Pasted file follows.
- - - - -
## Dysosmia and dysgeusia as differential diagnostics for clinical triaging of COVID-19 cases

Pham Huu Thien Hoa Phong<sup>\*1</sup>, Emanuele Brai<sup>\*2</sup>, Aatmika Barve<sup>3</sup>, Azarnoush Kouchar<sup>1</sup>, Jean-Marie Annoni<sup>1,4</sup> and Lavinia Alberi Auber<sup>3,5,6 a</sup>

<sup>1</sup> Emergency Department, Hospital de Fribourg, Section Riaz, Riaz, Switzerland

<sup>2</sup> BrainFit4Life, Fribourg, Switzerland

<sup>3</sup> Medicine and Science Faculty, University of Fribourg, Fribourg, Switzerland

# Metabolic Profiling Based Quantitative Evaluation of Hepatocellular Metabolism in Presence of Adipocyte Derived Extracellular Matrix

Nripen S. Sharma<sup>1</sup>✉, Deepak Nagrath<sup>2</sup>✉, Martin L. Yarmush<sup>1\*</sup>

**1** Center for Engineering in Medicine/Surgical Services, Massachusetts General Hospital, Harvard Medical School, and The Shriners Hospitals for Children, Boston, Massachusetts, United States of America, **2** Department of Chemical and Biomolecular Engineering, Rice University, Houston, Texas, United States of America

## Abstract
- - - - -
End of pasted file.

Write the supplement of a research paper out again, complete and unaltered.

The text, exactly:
## Dysosmia and dysgeusia as differential diagnostics for clinical triaging of COVID-19 cases

Pham Huu Thien Hoa Phong<sup>\*1</sup>, Emanuele Brai<sup>\*2</sup>, Aatmika Barve<sup>3</sup>, Azarnoush Kouchar<sup>1</sup>, Jean-Marie Annoni<sup>1,4</sup> and Lavinia Alberi Auber<sup>3,5,6 a</sup>

<sup>1</sup> Emergency Department, Hospital de Fribourg, Section Riaz, Riaz, Switzerland

<sup>2</sup> BrainFit4Life, Fribourg, Switzerland

<sup>3</sup> Medicine and Science Faculty, University of Fribourg, Fribourg, Switzerland

# Metabolic Profiling Based Quantitative Evaluation of Hepatocellular Metabolism in Presence of Adipocyte Derived Extracellular Matrix

Nripen S. Sharma<sup>1</sup>✉, Deepak Nagrath<sup>2</sup>✉, Martin L. Yarmush<sup>1\*</sup>

**1** Center for Engineering in Medicine/Surgical Services, Massachusetts General Hospital, Harvard Medical School, and The Shriners Hospitals for Children, Boston, Massachusetts, United States of America, **2** Department of Chemical and Biomolecular Engineering, Rice University, Houston, Texas, United States of America

## Abstract